“It’s a constantly evolving thing as the CDC continues to come out with new guidelines and recommendations,” he said.

Craig Guillot is a writer and photographer, based in New Orleans. He can be reached at [email protected]

More from Risk & Insurance

More from Risk & Insurance

Insurtech

Kiss Your Annual Renewal Goodbye; On-Demand Insurance Challenges the Traditional Policy

Gig workers' unique insurance needs drive delivery of on-demand coverage.
By: | September 14, 2018 • 6 min read

The gig economy is growing. Nearly six million Americans, or 3.8 percent of the U.S. workforce, now have “contingent” work arrangements, with a further 10.6 million in categories such as independent contractors, on-call workers or temporary help agency staff and for-contract firms, often with well-known names such as Uber, Lyft and Airbnb.

Scott Walchek, founding chairman and CEO, Trōv

The number of Americans owning a drone is also increasing — one recent survey suggested as much as one in 12 of the population — sparking vigorous debate on how regulation should apply to where and when the devices operate.

Add to this other 21st century societal changes, such as consumers’ appetite for other electronic gadgets and the advent of autonomous vehicles. It’s clear that the cover offered by the annually renewable traditional insurance policy is often not fit for purpose. Helped by the sophistication of insurance technology, the response has been an expanding range of ‘on-demand’ covers.

The term ‘on-demand’ is open to various interpretations. For Scott Walchek, founding chairman and CEO of pioneering on-demand insurance platform Trōv, it’s about “giving people agency over the items they own and enabling them to turn on insurance cover whenever they want for whatever they want — often for just a single item.”

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“On-demand represents a whole new behavior and attitude towards insurance, which for years has very much been a case of ‘get it and forget it,’ ” said Walchek.

Trōv’s mobile app enables users to insure just a single item, such as a laptop, whenever they wish and to also select the period of cover required. When ready to buy insurance, they then snap a picture of the sales receipt or product code of the item they want covered.

Welcoming Trōv: A New On-Demand Arrival

While Walchek, who set up Trōv in 2012, stressed it’s a technology company and not an insurance company, it has attracted industry giants such as AXA and Munich Re as partners. Trōv began the U.S. roll-out of its on-demand personal property products this summer by launching in Arizona, having already established itself in Australia and the United Kingdom.

“Australia and the UK were great testing grounds, thanks to their single regulatory authorities,” said Walchek. “Trōv is already approved in 45 states, and we expect to complete the process in all by November.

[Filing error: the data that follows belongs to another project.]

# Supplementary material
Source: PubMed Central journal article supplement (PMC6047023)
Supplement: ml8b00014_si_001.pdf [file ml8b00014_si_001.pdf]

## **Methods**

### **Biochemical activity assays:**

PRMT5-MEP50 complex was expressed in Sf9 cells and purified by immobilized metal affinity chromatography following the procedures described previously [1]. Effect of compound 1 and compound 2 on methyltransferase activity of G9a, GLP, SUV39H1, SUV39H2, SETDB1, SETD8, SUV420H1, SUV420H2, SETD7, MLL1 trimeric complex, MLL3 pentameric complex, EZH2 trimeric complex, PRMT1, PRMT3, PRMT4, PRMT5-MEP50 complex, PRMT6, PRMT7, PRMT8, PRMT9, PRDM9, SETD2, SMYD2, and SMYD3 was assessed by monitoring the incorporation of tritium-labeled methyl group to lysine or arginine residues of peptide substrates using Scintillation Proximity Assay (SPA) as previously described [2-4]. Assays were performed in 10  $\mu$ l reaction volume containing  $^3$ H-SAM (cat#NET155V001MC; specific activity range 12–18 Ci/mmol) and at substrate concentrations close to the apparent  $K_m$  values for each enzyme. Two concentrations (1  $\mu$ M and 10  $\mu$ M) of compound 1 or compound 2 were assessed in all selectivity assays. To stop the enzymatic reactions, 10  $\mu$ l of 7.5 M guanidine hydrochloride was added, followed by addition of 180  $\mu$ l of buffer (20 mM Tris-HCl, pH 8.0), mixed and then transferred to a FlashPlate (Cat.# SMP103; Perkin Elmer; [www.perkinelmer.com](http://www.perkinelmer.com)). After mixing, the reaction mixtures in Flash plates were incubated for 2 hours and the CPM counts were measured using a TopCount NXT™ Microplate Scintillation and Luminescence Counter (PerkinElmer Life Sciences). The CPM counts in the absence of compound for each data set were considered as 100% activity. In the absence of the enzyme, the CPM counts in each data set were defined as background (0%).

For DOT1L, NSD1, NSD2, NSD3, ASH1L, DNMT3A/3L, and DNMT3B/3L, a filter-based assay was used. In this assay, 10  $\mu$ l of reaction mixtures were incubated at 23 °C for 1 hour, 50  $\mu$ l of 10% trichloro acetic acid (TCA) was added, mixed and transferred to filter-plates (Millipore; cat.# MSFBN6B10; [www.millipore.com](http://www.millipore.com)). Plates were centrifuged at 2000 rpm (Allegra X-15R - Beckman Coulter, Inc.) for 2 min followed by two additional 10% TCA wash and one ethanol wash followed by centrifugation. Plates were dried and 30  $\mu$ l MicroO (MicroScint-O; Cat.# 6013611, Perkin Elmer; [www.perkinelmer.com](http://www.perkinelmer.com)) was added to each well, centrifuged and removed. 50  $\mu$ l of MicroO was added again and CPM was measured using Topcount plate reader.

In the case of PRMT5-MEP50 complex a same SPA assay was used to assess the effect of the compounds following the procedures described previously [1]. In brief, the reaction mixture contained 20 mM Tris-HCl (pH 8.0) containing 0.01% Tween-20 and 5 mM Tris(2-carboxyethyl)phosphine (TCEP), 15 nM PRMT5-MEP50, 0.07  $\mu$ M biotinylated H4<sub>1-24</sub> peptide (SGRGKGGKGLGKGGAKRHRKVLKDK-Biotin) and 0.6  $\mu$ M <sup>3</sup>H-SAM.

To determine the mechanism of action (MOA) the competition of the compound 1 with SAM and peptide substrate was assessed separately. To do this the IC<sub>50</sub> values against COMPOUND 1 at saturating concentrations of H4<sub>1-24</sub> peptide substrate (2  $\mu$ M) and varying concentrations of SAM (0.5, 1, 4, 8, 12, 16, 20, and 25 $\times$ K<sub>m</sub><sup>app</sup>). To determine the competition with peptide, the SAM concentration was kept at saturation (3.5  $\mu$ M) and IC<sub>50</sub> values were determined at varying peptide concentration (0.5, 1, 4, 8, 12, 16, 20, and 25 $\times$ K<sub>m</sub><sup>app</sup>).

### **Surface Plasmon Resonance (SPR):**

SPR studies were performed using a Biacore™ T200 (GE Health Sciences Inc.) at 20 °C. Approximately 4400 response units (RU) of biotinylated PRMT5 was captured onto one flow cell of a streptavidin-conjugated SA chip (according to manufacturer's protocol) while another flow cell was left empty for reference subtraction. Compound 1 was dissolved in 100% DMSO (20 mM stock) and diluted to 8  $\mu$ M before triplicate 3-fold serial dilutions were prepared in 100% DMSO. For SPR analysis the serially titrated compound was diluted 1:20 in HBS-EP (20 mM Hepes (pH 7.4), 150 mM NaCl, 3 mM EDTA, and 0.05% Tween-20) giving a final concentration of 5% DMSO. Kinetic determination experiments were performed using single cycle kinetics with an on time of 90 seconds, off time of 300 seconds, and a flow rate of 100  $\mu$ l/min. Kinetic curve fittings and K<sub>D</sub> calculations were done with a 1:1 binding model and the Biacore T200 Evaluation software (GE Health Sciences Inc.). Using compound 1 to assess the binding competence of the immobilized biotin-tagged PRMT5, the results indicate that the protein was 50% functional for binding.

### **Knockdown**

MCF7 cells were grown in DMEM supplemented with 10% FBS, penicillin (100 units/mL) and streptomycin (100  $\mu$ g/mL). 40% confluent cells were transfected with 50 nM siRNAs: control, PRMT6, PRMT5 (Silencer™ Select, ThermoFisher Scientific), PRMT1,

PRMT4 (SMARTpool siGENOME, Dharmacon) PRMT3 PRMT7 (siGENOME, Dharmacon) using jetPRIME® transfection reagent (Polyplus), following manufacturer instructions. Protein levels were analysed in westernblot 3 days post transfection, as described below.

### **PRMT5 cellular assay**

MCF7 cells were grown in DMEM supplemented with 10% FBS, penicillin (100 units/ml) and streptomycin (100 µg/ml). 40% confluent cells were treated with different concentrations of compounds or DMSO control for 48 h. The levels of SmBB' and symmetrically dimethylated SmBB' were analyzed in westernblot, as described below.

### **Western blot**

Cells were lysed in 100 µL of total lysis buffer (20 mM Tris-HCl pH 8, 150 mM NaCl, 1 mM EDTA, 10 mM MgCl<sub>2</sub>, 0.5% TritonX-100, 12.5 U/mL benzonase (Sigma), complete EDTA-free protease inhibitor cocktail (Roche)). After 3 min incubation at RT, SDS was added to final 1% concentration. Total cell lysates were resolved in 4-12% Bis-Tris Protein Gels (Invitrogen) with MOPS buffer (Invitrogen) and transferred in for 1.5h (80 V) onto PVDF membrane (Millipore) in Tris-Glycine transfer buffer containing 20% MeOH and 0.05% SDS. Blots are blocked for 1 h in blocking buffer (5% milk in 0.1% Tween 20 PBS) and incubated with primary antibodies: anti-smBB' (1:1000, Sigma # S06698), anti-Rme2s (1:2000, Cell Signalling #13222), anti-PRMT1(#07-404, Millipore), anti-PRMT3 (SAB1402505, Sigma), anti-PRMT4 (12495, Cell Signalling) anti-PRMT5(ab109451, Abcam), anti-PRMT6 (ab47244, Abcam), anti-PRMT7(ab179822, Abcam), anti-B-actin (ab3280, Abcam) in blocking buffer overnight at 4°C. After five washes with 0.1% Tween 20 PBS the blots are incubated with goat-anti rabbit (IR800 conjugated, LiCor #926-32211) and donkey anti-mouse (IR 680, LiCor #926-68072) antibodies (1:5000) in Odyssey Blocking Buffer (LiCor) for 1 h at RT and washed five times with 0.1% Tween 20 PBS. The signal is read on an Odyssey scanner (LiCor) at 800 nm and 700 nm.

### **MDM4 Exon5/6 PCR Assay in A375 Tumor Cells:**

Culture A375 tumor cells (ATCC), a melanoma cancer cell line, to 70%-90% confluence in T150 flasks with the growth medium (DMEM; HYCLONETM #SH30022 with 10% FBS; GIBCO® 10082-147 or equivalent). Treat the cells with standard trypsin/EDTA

“On-demand products have a particular appeal to millennials who love the idea of having control via their smart devices and have embraced the concept of an unbundling of experiences: 75 percent of our users are in the 18 to 35 age group.” – Scott Walchek, founding chairman and CEO, Trōv

“On-demand products have a particular appeal to millennials who love the idea of having control via their smart devices and have embraced the concept of an unbundling of experiences: 75 percent of our users are in the 18 to 35 age group,” he added.

“But a mass of tectonic societal shifts is also impacting older generations — on-demand cover fits the new ways in which they work, particularly the ‘untethered’ who aren’t always in the same workplace or using the same device. So we see on-demand going into societal lifestyle changes.”

Wooing Baby Boomers

In addition to its backing for Trōv, across the Atlantic, AXA has partnered with Insurtech start-up By Miles, launching a pay-as-you-go car insurance policy in the UK. The product is promoted as low-cost car insurance for drivers who travel no more than 140 miles per week, or 7,000 miles annually.

“Due to the growing need for these products, companies such as Marmalade — cover for learner drivers — and Cuvva — cover for part-time drivers — have also increased in popularity, and we expect to see more enter the market in the near future,” said AXA UK’s head of telematics, Katy Simpson.

Simpson confirmed that the new products’ initial appeal is to younger motorists, who are more regular users of new technology, while older drivers are warier about sharing too much personal information. However, she expects this to change as on-demand products become more prevalent.

“Looking at mileage-based insurance, such as By Miles specifically, it’s actually older generations who are most likely to save money, as the use of their vehicles tends to decline. Our job is therefore to not only create more customer-centric products but also highlight their benefits to everyone.”